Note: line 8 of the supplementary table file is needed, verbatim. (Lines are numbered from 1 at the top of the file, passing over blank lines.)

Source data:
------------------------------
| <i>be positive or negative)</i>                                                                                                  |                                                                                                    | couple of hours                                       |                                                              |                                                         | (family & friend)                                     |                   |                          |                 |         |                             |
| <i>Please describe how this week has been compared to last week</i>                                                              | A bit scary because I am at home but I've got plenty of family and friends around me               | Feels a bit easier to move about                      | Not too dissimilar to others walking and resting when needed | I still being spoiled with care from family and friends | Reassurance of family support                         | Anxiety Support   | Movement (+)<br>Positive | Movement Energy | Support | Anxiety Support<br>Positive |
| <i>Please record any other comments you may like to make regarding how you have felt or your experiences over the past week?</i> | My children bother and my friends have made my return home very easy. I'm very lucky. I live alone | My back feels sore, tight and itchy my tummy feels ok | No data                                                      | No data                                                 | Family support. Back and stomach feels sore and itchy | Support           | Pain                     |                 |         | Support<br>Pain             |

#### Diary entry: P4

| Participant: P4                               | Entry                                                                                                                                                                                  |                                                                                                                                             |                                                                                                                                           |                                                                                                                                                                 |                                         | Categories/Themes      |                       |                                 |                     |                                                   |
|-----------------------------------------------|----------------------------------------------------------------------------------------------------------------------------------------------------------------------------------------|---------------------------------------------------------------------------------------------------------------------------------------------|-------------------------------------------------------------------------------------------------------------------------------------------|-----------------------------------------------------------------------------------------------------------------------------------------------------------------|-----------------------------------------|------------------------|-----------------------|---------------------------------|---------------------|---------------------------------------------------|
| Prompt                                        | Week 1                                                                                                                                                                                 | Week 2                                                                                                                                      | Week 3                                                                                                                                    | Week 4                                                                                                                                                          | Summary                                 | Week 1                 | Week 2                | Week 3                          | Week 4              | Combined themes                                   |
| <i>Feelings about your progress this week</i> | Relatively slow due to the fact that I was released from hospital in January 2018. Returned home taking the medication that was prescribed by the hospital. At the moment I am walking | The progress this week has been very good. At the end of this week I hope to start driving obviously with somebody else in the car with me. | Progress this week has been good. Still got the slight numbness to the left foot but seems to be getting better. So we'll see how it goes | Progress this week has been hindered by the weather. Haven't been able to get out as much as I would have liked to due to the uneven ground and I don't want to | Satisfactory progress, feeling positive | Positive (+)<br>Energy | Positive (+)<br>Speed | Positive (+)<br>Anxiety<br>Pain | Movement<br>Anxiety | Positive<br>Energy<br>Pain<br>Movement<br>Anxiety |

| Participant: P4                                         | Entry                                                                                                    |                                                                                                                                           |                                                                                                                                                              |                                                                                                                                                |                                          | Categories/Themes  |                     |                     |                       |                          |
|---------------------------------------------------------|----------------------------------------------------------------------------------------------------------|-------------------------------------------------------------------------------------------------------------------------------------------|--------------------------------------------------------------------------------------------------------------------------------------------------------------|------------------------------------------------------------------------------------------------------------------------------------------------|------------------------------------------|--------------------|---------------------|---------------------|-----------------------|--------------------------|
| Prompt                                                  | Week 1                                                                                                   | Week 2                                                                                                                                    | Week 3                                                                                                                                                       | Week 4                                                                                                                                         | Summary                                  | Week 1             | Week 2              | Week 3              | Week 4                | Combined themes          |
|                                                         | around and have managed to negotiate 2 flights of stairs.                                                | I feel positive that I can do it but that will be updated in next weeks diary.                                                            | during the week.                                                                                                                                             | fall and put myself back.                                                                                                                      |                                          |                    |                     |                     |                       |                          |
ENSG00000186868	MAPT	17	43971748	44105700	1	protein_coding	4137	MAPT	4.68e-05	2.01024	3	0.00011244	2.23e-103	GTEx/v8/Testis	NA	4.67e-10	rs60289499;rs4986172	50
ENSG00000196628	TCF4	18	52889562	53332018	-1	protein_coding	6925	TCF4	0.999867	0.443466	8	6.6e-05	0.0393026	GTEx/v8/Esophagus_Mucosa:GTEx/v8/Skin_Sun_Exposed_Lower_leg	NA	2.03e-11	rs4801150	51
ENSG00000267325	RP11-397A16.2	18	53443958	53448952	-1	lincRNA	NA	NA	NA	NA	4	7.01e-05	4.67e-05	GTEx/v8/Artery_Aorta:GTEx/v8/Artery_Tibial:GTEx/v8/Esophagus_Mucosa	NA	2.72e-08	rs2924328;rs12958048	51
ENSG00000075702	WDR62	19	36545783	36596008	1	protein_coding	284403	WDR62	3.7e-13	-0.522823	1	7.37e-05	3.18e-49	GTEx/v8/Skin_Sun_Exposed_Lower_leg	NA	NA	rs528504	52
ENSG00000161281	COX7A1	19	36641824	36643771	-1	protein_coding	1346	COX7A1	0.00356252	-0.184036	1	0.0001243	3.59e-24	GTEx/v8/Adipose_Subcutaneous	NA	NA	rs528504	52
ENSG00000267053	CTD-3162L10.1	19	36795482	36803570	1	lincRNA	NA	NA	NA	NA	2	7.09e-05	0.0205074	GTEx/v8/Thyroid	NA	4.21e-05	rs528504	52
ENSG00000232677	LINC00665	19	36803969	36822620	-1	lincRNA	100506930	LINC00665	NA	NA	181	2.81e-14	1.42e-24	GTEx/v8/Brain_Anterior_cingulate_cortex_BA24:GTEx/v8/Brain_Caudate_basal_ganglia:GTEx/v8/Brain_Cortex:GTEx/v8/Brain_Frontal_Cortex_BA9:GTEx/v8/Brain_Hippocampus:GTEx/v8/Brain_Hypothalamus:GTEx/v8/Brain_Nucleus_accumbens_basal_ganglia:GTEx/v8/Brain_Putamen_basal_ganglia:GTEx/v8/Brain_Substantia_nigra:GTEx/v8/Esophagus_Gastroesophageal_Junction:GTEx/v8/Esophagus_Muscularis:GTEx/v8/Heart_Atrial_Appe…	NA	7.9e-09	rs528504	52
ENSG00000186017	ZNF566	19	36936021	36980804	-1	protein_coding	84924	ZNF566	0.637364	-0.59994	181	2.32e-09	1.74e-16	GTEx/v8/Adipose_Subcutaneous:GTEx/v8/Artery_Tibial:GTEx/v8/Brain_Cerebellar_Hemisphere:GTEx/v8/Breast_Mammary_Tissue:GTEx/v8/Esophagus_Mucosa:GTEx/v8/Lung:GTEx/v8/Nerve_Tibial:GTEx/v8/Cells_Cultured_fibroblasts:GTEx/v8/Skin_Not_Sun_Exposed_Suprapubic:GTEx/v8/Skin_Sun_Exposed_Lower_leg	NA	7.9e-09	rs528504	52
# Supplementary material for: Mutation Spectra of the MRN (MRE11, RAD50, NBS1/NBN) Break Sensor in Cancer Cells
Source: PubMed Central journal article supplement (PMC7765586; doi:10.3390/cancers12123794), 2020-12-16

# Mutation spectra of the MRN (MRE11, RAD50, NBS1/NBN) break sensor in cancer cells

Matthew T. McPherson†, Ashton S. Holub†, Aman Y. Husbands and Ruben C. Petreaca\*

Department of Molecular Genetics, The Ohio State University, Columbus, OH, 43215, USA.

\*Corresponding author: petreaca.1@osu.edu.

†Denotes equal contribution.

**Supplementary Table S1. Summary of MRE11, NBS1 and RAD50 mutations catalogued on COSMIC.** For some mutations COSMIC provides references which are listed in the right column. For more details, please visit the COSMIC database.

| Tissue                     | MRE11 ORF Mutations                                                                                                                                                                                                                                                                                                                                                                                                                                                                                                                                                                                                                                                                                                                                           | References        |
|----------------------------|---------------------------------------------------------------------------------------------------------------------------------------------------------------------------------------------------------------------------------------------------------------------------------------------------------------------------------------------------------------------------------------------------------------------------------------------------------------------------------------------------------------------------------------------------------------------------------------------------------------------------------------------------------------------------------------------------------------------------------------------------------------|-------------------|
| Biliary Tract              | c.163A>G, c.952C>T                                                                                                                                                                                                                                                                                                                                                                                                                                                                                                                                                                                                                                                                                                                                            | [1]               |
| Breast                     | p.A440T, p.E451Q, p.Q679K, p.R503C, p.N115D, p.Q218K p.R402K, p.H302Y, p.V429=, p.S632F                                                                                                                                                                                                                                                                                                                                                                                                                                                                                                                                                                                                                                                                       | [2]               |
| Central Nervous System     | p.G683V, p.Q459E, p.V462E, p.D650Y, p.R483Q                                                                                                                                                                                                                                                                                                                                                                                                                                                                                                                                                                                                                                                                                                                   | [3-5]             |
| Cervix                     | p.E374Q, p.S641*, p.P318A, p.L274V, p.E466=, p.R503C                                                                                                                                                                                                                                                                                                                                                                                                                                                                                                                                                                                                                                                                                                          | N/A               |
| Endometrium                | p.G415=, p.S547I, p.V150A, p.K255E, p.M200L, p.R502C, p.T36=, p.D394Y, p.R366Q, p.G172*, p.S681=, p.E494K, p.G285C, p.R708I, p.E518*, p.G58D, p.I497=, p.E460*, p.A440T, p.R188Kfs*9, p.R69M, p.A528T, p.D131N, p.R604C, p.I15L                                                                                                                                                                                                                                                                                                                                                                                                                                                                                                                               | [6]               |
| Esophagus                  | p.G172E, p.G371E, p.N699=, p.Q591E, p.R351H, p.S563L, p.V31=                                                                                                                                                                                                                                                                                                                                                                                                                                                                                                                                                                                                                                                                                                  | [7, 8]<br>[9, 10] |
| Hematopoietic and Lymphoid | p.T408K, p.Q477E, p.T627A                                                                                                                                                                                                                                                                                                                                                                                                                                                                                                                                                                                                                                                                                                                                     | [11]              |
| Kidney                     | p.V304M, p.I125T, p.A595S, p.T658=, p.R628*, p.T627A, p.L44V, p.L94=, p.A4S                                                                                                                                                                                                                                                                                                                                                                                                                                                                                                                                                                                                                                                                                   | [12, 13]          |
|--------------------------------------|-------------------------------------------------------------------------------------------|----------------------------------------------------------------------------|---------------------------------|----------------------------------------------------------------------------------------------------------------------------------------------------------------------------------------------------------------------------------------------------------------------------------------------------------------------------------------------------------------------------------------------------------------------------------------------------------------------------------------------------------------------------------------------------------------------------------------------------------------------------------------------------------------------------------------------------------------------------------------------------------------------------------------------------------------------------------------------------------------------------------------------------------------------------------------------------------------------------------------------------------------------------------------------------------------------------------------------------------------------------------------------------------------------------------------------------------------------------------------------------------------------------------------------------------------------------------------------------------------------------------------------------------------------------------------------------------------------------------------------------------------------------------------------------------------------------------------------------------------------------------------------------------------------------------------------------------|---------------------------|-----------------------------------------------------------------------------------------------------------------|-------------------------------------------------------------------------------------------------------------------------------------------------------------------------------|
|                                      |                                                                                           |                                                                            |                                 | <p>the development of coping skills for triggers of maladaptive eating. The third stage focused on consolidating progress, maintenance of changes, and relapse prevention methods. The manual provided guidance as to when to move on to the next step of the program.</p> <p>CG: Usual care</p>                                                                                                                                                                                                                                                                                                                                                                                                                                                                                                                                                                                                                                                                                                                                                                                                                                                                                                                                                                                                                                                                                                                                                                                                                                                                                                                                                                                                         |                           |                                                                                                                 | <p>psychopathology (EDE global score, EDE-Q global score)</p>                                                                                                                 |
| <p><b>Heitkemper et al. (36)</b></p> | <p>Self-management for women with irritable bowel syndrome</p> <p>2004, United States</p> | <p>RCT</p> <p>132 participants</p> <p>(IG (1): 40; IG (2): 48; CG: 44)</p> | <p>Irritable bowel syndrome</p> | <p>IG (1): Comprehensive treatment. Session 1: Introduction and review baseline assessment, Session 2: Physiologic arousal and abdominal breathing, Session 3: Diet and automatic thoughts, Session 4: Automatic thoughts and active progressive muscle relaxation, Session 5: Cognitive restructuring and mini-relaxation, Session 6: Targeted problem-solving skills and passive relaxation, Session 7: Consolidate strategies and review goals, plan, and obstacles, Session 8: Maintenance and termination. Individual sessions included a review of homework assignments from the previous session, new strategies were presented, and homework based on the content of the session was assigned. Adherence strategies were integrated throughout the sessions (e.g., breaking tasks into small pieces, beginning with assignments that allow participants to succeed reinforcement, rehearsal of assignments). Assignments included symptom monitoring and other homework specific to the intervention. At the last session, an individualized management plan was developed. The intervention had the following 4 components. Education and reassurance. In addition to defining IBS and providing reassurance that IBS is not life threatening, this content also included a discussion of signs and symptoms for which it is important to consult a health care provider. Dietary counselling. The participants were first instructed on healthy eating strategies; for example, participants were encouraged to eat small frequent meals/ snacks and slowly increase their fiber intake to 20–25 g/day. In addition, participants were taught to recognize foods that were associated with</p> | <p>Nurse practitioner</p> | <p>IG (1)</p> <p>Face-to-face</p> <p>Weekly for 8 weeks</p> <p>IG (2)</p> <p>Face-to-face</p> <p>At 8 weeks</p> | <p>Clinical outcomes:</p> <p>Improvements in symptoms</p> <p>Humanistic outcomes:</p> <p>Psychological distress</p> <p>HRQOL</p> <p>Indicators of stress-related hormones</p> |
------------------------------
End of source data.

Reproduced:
| <i>Feelings about your progress this week</i> | Relatively slow due to the fact that I was released from hospital in January 2018. Returned home taking the medication that was prescribed by the hospital. At the moment I am walking | The progress this week has been very good. At the end of this week I hope to start driving obviously with somebody else in the car with me. | Progress this week has been good. Still got the slight numbness to the left foot but seems to be getting better. So we'll see how it goes | Progress this week has been hindered by the weather. Haven't been able to get out as much as I would have liked to due to the uneven ground and I don't want to | Satisfactory progress, feeling positive | Positive (+)<br>Energy | Positive (+)<br>Speed | Positive (+)<br>Anxiety<br>Pain | Movement<br>Anxiety | Positive<br>Energy<br>Pain<br>Movement<br>Anxiety |